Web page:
The Department of Fine Arts and the Office of Research Services are proud to host a CD launch for Professor Steven Peacock and Gerry Van Wart’s Pavane Friday, October 20 from 5:00 pm to 7:00 pm, McCain Hall, room 101.
 
Liner Notes
 
The pavane—a slow, stately processional dance popular in the courts of Europe during the 16th and 17th centuries with origins in Padua ("paduana" being an equivalent form) is for a modern audience perhaps most closely associated with Gabriel Faure's Pavane, which appears here, and with Maurice Ravel's Pavane pour une infante défunte, even though the word was widely used as a title by Renaissance and early Baroque guitar and lute composers throughout Europe, and most notably among English virginal and lute composers such as Morley, Gibbons, Dowland and Byrd. For Ravel, his piece was "an evocation of a pavane that a little princess might, in former times, have danced at the Spanish court," thus expressing a nostalgic enthusiasm for Spanish customs and sensibilities which Fauré and Debussy certainly shared.  But to the 21st-century listener, there is also a certain French style, a distinct "belle époque" elegance within which the word and the form flourished among late-Romantic French composers.
 
This two-guitar recording seeks to celebrate several distinctly different examples of the French tradition in Western music: harpsichord works by Rameau, Couperin and Daquin arranged here by Miklós Mosóczi, the eponymous work by Fauré, and two titles in a more contemporary popular style by Thierry Tisserand.  Rameau's "Les tendres plaintes" and the famous "Tambourin" are drawn from his Pièces de clavecin (1724), one of his four published collections of solo harpsichord works, loosely grouped into key-specific suites.  The pieces by Daquin and Couperin (who also published four harpsichord books, comprising 27 Ordres) share with Rameau the picturesque and fanciful titles common among late-16th-century lutenists and widely adopted by the French clavecinistes in the generation which followed.  Fauré's Pavane, opus 50, in F sharp minor, adapted for this recording from an arrangement by Argentinian guitarist-composer Jorge Martinez Zárate, was originally a piano piece but is better known in Fauré's own version for small orchestra and optional chorus.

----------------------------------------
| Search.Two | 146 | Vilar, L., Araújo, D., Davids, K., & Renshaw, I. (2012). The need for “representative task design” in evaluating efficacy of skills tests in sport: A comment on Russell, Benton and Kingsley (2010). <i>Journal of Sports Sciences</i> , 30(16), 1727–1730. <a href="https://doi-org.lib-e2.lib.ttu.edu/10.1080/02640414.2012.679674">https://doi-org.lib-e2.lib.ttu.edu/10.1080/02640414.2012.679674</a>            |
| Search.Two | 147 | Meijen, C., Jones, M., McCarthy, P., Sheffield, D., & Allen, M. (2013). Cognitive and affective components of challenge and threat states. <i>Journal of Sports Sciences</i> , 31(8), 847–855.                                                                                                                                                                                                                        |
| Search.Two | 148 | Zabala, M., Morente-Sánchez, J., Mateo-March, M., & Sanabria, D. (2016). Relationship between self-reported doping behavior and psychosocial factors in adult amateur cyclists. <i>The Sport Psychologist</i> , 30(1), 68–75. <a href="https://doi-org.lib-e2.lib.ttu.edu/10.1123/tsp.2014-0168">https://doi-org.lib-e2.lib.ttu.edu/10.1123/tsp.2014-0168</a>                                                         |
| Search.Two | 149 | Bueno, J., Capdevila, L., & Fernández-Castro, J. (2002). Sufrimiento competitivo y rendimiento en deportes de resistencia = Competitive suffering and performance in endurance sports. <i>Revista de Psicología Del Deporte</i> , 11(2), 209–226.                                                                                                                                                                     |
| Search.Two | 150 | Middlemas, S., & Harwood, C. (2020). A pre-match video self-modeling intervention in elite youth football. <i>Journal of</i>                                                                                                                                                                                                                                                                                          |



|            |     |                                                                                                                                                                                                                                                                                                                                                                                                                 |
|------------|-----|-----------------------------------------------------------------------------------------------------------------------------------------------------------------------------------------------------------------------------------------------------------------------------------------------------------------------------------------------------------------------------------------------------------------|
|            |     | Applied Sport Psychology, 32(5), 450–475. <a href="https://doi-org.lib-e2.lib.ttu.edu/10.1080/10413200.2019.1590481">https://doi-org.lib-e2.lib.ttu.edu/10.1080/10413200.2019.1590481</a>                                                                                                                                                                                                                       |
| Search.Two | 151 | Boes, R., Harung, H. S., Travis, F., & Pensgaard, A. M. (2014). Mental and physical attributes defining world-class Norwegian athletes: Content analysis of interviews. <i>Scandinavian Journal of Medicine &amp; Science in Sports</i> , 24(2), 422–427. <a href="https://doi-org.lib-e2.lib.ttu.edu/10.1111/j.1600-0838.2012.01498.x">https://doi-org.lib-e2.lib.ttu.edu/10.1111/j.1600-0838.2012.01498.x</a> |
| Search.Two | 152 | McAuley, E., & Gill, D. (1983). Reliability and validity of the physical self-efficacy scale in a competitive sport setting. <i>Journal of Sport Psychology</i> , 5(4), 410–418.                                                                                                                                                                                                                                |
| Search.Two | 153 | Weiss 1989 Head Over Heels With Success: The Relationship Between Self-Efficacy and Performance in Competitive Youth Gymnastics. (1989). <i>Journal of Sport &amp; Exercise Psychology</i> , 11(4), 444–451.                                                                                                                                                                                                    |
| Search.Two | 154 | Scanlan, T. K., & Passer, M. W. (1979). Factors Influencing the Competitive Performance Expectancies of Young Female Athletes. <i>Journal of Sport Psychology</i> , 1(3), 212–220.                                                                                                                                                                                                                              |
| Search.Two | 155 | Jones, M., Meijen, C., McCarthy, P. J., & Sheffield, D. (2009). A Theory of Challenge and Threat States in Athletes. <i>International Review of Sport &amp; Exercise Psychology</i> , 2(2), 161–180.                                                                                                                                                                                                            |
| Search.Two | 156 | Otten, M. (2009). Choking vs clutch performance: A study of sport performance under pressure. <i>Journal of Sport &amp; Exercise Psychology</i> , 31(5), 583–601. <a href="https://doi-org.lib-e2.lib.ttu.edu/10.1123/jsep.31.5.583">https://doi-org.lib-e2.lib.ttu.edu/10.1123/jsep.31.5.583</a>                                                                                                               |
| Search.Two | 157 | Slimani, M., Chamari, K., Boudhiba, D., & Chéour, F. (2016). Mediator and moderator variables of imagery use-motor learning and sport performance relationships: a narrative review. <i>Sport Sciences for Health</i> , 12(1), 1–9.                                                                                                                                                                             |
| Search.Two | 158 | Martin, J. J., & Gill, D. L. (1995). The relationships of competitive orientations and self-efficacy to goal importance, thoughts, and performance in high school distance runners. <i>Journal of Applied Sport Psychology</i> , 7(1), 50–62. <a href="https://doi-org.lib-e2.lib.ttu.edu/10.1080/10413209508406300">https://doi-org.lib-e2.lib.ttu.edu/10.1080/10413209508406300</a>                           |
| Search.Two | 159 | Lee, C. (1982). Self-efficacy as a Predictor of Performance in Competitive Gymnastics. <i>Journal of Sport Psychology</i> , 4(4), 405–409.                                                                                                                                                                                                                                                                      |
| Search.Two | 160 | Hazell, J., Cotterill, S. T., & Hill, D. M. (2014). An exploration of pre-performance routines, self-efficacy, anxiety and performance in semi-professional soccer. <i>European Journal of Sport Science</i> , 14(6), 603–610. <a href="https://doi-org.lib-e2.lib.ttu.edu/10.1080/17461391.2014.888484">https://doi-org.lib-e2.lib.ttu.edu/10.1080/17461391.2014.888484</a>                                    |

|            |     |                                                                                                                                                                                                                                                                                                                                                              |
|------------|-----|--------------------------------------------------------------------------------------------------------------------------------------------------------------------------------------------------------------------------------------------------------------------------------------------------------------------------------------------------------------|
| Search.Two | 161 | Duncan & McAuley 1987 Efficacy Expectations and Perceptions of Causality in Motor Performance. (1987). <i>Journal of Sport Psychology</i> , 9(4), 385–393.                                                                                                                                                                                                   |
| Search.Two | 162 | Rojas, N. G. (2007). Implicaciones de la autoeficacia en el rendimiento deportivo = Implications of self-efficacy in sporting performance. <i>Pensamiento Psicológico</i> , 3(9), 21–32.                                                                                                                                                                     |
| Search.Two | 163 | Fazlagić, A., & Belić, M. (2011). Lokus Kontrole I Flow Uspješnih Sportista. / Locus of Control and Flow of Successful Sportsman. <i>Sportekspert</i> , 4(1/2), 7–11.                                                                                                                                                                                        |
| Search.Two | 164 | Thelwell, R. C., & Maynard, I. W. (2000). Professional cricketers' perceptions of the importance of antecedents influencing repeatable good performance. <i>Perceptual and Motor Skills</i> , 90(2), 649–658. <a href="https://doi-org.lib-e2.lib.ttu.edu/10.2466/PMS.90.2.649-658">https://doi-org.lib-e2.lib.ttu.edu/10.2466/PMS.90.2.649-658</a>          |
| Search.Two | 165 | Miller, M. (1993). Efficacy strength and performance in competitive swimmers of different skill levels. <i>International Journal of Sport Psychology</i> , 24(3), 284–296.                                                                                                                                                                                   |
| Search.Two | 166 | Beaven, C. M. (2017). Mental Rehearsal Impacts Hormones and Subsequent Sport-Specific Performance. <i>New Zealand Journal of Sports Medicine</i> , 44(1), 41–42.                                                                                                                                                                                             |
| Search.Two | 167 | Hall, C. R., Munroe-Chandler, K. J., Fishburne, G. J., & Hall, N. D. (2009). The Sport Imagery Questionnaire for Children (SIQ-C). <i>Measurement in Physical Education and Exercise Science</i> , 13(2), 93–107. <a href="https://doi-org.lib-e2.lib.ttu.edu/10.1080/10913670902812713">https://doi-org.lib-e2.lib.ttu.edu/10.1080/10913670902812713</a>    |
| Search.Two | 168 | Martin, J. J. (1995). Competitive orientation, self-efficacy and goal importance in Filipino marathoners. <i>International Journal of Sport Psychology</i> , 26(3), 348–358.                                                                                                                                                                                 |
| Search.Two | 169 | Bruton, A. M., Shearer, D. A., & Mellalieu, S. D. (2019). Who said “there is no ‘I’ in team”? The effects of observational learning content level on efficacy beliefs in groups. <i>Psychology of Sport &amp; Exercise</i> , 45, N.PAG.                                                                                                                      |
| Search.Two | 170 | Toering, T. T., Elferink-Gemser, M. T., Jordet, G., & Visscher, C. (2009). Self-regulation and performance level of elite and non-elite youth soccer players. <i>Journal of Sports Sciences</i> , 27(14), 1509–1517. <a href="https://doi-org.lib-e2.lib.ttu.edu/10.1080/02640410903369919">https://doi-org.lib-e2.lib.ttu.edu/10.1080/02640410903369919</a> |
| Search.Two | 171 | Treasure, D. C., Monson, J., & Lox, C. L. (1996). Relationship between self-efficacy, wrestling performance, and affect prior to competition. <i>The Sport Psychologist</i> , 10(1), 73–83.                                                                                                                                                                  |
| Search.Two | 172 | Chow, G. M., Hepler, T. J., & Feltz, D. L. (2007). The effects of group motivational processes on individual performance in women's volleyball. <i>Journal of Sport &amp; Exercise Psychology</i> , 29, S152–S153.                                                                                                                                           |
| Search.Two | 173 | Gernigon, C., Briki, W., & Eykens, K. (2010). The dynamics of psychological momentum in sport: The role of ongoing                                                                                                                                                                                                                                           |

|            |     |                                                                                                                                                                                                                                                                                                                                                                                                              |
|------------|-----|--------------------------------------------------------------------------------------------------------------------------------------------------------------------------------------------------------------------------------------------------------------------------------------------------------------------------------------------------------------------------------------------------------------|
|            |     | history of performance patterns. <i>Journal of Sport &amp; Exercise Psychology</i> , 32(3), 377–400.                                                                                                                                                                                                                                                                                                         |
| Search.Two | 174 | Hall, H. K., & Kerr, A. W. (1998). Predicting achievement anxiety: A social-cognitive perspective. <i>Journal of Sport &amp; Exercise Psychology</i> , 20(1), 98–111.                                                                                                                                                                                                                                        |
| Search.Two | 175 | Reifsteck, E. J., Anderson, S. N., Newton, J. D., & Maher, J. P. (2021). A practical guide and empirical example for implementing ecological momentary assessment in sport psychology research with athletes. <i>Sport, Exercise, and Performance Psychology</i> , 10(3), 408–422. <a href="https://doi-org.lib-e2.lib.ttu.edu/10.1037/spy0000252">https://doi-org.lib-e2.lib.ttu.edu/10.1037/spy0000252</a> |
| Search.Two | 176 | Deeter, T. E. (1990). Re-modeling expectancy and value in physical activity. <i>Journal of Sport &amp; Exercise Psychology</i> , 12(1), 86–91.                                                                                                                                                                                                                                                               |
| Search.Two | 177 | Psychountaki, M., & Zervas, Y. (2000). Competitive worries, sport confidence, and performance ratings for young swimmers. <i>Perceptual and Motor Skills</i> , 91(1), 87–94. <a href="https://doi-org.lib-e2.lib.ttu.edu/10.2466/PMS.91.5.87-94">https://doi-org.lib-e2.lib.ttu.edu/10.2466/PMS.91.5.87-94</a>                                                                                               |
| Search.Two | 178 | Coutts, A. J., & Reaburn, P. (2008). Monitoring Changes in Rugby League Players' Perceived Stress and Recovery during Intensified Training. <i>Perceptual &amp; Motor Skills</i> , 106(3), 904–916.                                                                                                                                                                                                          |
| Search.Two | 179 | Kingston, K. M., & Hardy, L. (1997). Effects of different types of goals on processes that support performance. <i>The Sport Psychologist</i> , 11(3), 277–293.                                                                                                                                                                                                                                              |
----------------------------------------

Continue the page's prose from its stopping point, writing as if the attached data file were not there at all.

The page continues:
J. S. Bach's English Suite No. 3, BWV 808 (adapted by the performers from an arrangement by Elias Barreiro), would seem to be the stylistic exception here, except that Bach shows a clear predilection for the French style in his ornamentation, rhythms and dance-movement structure in all six English Suites, as a carry-over from the six French Suites, the word "English" perhaps a reflection of the patron at hand rather than of inherent musical style. The Banks of Loch Erin, which precedes the Bach in this sequence, is a modern arrangement by the performers of an 18th-century Irish folk song which can be seen to share the melodic, textural and harmonic stage with many a Baroque conception; one thinks, for example, of the compositions of Turlough O'Carolan (1670-1738), considered by many to be Ireland's national composer, a kind of Irish Antonio Vivaldi (1678-1741).
 
It is impossible to resist, even in a project such as this one, an overtly non-French piece or two.  Canción de amor brings us--intensely, lyrically--to the heart of the Iberian peninsula and is an arrangement of a traditional Spanish melody, with the first guitar part completely reworked by Gerry Van Wart and the second guitar part arranged largely by Jean-Maurice Mourat.  El Elegante begins in a similarly lyrical fashion but soon becomes an unmistakably Brazilian dance--a bold excuse for each guitarist to improvise an energetic solo, as the title, roughly translated as The Dandy, would seem to require.